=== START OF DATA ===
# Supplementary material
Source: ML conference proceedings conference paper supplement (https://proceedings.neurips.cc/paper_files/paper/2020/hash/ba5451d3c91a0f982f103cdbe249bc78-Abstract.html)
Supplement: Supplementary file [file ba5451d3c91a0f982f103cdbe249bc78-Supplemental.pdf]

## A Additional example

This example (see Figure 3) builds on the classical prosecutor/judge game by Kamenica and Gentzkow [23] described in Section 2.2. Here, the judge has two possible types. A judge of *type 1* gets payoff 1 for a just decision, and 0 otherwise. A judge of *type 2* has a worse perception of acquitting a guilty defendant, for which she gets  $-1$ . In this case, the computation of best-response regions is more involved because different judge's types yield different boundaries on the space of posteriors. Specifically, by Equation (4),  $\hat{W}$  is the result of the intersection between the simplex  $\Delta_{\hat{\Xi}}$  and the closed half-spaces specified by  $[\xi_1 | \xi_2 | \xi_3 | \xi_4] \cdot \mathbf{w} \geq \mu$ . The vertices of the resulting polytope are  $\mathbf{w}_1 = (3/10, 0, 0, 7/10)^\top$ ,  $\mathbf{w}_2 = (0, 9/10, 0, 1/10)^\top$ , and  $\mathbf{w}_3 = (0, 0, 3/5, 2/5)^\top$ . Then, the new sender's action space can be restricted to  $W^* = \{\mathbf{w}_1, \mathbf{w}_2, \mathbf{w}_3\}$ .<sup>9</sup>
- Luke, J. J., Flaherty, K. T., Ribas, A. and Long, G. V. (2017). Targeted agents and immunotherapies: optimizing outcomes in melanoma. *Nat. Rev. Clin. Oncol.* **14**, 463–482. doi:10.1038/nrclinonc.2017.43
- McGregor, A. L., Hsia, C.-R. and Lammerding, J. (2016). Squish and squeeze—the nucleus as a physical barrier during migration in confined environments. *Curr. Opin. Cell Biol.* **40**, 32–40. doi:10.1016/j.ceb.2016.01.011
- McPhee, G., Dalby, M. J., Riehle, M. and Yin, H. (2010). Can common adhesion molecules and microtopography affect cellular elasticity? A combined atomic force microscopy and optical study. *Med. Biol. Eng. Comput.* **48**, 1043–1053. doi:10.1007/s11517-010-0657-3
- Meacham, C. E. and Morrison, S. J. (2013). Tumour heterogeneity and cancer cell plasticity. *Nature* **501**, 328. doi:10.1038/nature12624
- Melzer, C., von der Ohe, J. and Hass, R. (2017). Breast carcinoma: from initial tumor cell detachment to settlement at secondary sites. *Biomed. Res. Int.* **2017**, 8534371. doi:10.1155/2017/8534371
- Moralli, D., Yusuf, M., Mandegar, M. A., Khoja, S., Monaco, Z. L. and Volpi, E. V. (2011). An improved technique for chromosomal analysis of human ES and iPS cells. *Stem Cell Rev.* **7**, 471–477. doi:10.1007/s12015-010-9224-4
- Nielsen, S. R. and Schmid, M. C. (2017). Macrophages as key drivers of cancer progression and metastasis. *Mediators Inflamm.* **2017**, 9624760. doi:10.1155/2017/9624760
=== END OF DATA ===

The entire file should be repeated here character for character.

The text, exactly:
# Supplementary material
Source: ML conference proceedings conference paper supplement (https://proceedings.neurips.cc/paper_files/paper/2020/hash/ba5451d3c91a0f982f103cdbe249bc78-Abstract.html)
Supplement: Supplementary file [file ba5451d3c91a0f982f103cdbe249bc78-Supplemental.pdf]

## A Additional example

This example (see Figure 3) builds on the classical prosecutor/judge game by Kamenica and Gentzkow [23] described in Section 2.2. Here, the judge has two possible types. A judge of *type 1* gets payoff 1 for a just decision, and 0 otherwise. A judge of *type 2* has a worse perception of acquitting a guilty defendant, for which she gets  $-1$ . In this case, the computation of best-response regions is more involved because different judge's types yield different boundaries on the space of posteriors. Specifically, by Equation (4),  $\hat{W}$  is the result of the intersection between the simplex  $\Delta_{\hat{\Xi}}$  and the closed half-spaces specified by  $[\xi_1 | \xi_2 | \xi_3 | \xi_4] \cdot \mathbf{w} \geq \mu$ . The vertices of the resulting polytope are  $\mathbf{w}_1 = (3/10, 0, 0, 7/10)^\top$ ,  $\mathbf{w}_2 = (0, 9/10, 0, 1/10)^\top$ , and  $\mathbf{w}_3 = (0, 0, 3/5, 2/5)^\top$ . Then, the new sender's action space can be restricted to  $W^* = \{\mathbf{w}_1, \mathbf{w}_2, \mathbf{w}_3\}$ .<sup>9</sup>
- Luke, J. J., Flaherty, K. T., Ribas, A. and Long, G. V. (2017). Targeted agents and immunotherapies: optimizing outcomes in melanoma. *Nat. Rev. Clin. Oncol.* **14**, 463–482. doi:10.1038/nrclinonc.2017.43
- McGregor, A. L., Hsia, C.-R. and Lammerding, J. (2016). Squish and squeeze—the nucleus as a physical barrier during migration in confined environments. *Curr. Opin. Cell Biol.* **40**, 32–40. doi:10.1016/j.ceb.2016.01.011
- McPhee, G., Dalby, M. J., Riehle, M. and Yin, H. (2010). Can common adhesion molecules and microtopography affect cellular elasticity? A combined atomic force microscopy and optical study. *Med. Biol. Eng. Comput.* **48**, 1043–1053. doi:10.1007/s11517-010-0657-3
- Meacham, C. E. and Morrison, S. J. (2013). Tumour heterogeneity and cancer cell plasticity. *Nature* **501**, 328. doi:10.1038/nature12624
- Melzer, C., von der Ohe, J. and Hass, R. (2017). Breast carcinoma: from initial tumor cell detachment to settlement at secondary sites. *Biomed. Res. Int.* **2017**, 8534371. doi:10.1155/2017/8534371
- Moralli, D., Yusuf, M., Mandegar, M. A., Khoja, S., Monaco, Z. L. and Volpi, E. V. (2011). An improved technique for chromosomal analysis of human ES and iPS cells. *Stem Cell Rev.* **7**, 471–477. doi:10.1007/s12015-010-9224-4
- Nielsen, S. R. and Schmid, M. C. (2017). Macrophages as key drivers of cancer progression and metastasis. *Mediators Inflamm.* **2017**, 9624760. doi:10.1155/2017/9624760